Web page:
I am completely captivated by this little trinket. I don't know what it is, but I am addicted. Just as I was to its predecessor: Daddy-Long-Legs, by Jean Webster. Both books amazing, both a work of art.
I've realized that I have told to NOTHING about either book and I should be shamed. I am not however, you see I dearly hate describing books. And I do mean dearly hate to do it. It's a little ironic is it not? That I had set out to write a blog about the books that are currently taking up my main thought and yet I hate describing them. So, until I feel the desire to describe a book I will copy and paste a summary of the book onto this little insignificant blog. Sited of course.
To begin with I will post a rather lengthy but the best I could find summary of Daddy-Long-Legs:
"I don't think you will be able to guess what this book is about just by looking at the title!In the beginning, it is a series of letters, written by an American orphan girl, really just on the brink of womanhood. When we first meet Judy Abbott she is seventeen years old and still living in the John Grier Home for Orphans. She has done well at the local high school and one of the trustees of the orphanage offers to pay for her to go to college. But he insists on anonymity. All he asks is that she write a letter to him once a month to let him know of her progress through college. She is to address him as John Smith, and she is to expect no reply. So, you see, it is a rather one-sided correspondence! Well, how would you feel if you had lived all your life without any family of your own and without anyone showing the slightest interest in you, and suddenly, quite out of the blue, someone started to shower you with kindness? I expect, like Judy, you would be desperate to know more about your mysterious benefactor:
"'I wish you'd come and take tea some day and let me see if I like you. But wouldn't it be dreadful if I didn't? However, I know I should."'Judy has a wonderful time at college. She makes new friends and studies many subjects that are entirely new to her. To begin with though she feels very strange and isolated because she has so little in common with the other girls:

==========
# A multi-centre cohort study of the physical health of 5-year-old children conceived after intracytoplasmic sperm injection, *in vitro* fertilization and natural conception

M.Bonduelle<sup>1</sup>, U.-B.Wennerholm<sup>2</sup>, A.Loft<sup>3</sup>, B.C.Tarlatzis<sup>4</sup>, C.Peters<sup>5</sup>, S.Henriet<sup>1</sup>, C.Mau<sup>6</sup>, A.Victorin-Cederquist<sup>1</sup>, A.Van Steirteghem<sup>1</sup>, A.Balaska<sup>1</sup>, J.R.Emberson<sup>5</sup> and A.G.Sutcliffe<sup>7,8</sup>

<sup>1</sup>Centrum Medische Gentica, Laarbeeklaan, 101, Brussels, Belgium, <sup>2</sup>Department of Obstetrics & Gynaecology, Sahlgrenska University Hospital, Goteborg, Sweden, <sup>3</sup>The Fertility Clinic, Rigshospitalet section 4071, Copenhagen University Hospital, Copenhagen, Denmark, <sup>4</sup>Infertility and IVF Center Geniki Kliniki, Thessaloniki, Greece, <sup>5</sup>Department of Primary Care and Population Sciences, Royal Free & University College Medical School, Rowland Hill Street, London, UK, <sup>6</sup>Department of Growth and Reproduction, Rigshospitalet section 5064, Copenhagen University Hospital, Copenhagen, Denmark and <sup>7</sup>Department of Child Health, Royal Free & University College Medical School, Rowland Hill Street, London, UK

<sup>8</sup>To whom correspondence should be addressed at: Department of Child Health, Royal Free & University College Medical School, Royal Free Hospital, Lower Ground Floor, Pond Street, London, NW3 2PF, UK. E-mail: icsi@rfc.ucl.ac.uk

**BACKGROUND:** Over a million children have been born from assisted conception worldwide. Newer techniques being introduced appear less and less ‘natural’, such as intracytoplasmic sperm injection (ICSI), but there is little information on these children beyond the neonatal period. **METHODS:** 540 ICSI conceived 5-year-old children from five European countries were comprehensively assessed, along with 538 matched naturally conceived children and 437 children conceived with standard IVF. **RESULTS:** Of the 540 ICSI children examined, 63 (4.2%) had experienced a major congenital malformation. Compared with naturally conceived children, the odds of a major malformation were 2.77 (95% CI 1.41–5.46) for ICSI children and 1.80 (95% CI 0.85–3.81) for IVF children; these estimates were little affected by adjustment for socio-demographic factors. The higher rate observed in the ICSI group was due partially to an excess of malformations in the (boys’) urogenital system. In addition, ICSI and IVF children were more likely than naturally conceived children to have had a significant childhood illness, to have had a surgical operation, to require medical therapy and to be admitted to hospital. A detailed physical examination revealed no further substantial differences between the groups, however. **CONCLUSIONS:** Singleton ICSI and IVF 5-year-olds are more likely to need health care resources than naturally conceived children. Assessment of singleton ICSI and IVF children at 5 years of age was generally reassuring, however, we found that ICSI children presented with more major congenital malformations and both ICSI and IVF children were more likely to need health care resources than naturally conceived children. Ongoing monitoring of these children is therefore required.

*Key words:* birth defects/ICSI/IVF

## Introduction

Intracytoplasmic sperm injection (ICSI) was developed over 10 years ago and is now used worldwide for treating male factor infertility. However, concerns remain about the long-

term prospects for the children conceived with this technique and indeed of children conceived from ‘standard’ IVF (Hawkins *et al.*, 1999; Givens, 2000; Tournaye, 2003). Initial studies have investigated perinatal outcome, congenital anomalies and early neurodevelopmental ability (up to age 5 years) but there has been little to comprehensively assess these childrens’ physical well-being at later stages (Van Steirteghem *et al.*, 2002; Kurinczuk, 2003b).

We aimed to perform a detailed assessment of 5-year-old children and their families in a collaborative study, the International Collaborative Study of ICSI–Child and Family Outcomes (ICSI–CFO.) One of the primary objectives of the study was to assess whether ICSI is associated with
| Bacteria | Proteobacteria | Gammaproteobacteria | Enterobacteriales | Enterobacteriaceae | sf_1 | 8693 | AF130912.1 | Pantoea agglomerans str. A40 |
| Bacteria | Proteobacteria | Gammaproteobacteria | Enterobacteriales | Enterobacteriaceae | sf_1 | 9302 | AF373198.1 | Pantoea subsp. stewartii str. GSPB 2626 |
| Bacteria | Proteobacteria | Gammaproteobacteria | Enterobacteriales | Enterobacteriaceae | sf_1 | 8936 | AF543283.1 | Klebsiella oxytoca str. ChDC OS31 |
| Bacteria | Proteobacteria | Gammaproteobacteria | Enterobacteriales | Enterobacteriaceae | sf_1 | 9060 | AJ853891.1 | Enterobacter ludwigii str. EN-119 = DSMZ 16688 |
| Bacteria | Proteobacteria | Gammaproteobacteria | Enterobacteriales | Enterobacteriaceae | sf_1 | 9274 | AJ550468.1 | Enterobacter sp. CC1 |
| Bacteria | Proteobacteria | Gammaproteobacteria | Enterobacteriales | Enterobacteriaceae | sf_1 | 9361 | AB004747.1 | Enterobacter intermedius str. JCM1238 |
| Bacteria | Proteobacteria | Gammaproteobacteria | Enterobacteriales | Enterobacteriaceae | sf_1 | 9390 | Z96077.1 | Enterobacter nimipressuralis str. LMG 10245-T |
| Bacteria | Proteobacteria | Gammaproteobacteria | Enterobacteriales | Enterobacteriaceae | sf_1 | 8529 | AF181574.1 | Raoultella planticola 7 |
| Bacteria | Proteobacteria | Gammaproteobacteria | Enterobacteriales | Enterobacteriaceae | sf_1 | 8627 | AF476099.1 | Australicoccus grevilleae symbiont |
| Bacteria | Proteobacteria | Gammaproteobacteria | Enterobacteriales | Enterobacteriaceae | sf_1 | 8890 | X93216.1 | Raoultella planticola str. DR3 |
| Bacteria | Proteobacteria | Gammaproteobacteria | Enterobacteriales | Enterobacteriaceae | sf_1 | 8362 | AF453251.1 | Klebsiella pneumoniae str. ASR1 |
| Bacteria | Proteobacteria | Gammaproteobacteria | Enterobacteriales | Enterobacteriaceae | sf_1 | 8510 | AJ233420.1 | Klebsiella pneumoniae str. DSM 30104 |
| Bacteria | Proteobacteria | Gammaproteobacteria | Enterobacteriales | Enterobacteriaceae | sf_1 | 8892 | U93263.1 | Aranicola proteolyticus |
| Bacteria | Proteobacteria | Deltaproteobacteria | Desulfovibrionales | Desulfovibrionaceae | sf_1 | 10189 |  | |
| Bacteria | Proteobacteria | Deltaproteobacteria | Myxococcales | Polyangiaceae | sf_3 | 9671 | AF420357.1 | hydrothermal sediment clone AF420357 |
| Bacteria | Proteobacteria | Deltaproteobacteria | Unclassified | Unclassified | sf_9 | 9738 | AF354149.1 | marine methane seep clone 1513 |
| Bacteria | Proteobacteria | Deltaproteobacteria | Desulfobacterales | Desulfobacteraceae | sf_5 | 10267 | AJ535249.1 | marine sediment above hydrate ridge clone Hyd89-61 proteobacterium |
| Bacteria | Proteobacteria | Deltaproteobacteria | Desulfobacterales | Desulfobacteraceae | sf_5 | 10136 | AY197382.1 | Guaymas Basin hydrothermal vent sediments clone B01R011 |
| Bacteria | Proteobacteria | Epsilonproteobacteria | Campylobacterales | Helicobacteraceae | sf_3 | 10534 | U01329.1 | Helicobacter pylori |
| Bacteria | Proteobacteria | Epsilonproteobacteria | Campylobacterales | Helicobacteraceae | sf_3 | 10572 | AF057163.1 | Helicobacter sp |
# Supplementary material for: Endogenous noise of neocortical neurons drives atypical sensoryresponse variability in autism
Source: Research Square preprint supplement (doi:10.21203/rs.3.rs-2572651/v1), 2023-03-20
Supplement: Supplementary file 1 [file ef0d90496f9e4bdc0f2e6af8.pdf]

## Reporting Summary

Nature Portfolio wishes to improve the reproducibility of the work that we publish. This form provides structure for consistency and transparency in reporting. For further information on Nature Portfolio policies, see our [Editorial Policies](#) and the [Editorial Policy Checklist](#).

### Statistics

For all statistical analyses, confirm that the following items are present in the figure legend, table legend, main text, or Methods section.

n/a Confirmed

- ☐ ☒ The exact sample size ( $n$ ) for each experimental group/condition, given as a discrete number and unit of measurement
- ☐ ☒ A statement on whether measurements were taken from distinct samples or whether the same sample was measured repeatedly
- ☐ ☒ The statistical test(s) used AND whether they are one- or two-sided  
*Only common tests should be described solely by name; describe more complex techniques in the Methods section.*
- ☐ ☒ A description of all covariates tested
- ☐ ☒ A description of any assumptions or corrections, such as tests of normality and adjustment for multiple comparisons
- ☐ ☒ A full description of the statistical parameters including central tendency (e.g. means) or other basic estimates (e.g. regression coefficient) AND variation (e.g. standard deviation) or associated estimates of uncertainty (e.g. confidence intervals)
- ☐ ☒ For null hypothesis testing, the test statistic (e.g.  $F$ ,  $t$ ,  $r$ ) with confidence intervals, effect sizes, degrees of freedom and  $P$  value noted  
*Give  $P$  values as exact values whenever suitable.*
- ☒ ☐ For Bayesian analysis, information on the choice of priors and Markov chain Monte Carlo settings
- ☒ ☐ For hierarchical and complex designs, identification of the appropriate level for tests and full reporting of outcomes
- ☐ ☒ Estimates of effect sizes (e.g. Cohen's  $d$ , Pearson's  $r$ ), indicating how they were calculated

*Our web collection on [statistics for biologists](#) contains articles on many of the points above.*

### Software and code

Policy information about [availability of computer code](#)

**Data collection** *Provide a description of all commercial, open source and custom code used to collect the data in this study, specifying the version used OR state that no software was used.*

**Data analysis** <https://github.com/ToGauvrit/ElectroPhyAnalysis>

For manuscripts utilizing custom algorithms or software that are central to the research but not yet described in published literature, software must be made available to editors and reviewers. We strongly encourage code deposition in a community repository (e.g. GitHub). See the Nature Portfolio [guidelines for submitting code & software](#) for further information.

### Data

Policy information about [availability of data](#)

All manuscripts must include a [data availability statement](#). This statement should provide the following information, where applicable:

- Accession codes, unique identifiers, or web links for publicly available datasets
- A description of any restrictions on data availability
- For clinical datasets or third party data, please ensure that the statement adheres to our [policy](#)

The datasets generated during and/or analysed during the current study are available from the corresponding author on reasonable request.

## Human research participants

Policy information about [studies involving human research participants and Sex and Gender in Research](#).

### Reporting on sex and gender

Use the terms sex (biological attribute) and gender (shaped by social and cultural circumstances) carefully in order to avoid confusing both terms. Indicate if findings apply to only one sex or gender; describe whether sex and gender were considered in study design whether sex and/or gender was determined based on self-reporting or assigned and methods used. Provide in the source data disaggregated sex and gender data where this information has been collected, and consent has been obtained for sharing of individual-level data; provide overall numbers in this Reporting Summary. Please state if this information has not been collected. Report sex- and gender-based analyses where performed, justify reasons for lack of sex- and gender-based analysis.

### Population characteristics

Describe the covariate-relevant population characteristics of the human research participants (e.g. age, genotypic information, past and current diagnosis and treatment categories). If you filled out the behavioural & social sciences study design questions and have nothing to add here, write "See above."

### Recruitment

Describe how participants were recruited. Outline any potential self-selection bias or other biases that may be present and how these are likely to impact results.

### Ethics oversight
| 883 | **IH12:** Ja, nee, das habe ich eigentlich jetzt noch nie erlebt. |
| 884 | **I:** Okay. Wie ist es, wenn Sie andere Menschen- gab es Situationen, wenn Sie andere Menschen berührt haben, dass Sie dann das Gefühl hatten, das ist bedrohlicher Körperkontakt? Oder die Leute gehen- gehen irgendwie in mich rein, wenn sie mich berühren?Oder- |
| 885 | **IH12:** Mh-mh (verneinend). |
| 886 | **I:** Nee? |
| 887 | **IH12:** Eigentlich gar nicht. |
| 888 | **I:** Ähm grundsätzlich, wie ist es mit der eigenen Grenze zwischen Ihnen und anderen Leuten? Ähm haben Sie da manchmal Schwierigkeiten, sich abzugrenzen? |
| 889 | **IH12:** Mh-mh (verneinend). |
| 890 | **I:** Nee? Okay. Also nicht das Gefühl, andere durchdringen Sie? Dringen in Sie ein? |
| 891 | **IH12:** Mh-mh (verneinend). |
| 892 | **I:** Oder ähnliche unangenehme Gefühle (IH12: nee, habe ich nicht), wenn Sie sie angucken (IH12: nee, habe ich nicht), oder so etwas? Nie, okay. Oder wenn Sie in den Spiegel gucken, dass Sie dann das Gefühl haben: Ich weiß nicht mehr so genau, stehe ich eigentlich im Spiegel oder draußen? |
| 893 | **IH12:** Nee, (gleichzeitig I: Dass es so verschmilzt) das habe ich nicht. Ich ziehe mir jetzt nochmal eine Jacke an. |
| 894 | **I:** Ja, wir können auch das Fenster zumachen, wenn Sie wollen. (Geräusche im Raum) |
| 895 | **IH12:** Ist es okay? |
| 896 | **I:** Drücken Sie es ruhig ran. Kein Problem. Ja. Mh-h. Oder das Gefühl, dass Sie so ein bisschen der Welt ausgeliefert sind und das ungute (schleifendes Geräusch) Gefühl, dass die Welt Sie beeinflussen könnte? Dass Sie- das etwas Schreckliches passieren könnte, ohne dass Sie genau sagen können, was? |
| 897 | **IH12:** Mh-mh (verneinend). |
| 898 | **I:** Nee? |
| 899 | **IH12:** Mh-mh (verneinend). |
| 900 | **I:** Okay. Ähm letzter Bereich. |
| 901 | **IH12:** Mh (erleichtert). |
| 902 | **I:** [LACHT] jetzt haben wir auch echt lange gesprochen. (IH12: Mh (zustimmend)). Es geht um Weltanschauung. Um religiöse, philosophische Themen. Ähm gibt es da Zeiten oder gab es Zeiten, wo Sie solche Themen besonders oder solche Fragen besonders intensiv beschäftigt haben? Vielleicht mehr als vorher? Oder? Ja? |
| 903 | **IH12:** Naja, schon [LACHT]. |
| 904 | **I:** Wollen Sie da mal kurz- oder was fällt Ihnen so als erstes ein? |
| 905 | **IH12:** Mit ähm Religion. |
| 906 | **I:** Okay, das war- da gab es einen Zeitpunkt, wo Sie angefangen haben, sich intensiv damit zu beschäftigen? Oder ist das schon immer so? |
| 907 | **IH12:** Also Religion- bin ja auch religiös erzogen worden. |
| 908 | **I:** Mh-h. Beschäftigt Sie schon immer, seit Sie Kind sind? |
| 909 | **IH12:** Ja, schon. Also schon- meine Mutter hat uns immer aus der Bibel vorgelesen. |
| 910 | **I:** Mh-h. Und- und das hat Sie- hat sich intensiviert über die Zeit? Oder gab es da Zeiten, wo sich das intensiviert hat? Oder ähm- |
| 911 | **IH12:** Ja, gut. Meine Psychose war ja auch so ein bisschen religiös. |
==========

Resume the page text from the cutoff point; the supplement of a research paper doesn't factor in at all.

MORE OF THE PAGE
"'I have a new unbreakable rule: never, never to study at night no matter how many written reviews are coming up in the morning. Instead, I read just plain books - I have to, you know, because there are eighteen blank years behind me. You wouldn't believe, Daddy, what an abyss of ignorance my mind is; I am just realizing the depths myself. The things that most girls with a properly assorted family and a home and friends and a library know by absorption, I have never heard of."'Of course, over the years of her study at college Judy grows into a lively and attractive young woman who takes enormous delight in the little pleasures of ordinary life. It's easy to see why Jervis Pendleton, her rich room-mate's uncle, finds her company so enjoyable. And it's easy to see why Jimmy McBride finds her fun to be with too. He's the brother of her other room-mate. And do you want to know who she falls in love with?"
All I have to say is this didn't really do the book justice. The book is more about a blooming young woman who is coming into her own and adjusting to the everyday normal life that she was stolen from at such a young age.
"Daddy Long-Legs is vanilla, sweet and smooth. Dear Enemy is more like mint chocolate chip, refreshing with nuggets of warmth, laughter, bittersweetness. You will be enchanted by the fiery-haired Sallie McBride and her orphans.This review/summary on the other hand does indeed do the book justice and I am terribly in love with it. Oh, how I wish someone would read this precarious post and be inspired to read at least one of these novels. And if you weren't inspired by the first summary, but were by the second do not fear, reassurance is here! You DO NOT need to read Daddy-Long-Legs in order to read Dear Enemy. Now, I must stop neglecting my most precious novel.
Sallie has been asked by her college buddy, the Judy Abbott of Daddy Long-Legs, to run the John Grier Home, the orphanage Judy was raised in. A cheerful and unabashed socialite waiting for her Congressman boyfriend to propose, Sallie takes on the job on a temporary basis. Armed with her sense of humor and her firm brightness, along with her maid and her Chow doggie, she gets her heart stolen by the 100 sad-eyed charges.
The book is modeled after Daddy Long-Legs, so it is entirely composed of Sallie's stick-figure-illustrated letters to Judy, Gordon (the boyfriend), and the Home's prickly visiting doctor, whose letters are soon addressed "Dear Enemy." Her letters catalogue her daily adventures with the sweet, colorful kids, a series of cooks and farmers, sexist trustees, and grumpy neighbors. In all of this, there sparkles a strong feminine spirit, blithe optimism, and clear-headed compassion. The letters read so naturally and sure, Sallie's charm radiates whether she is amusing us with a story of orphan mischief or seriously discussing the consequences of hereditary alcoholism."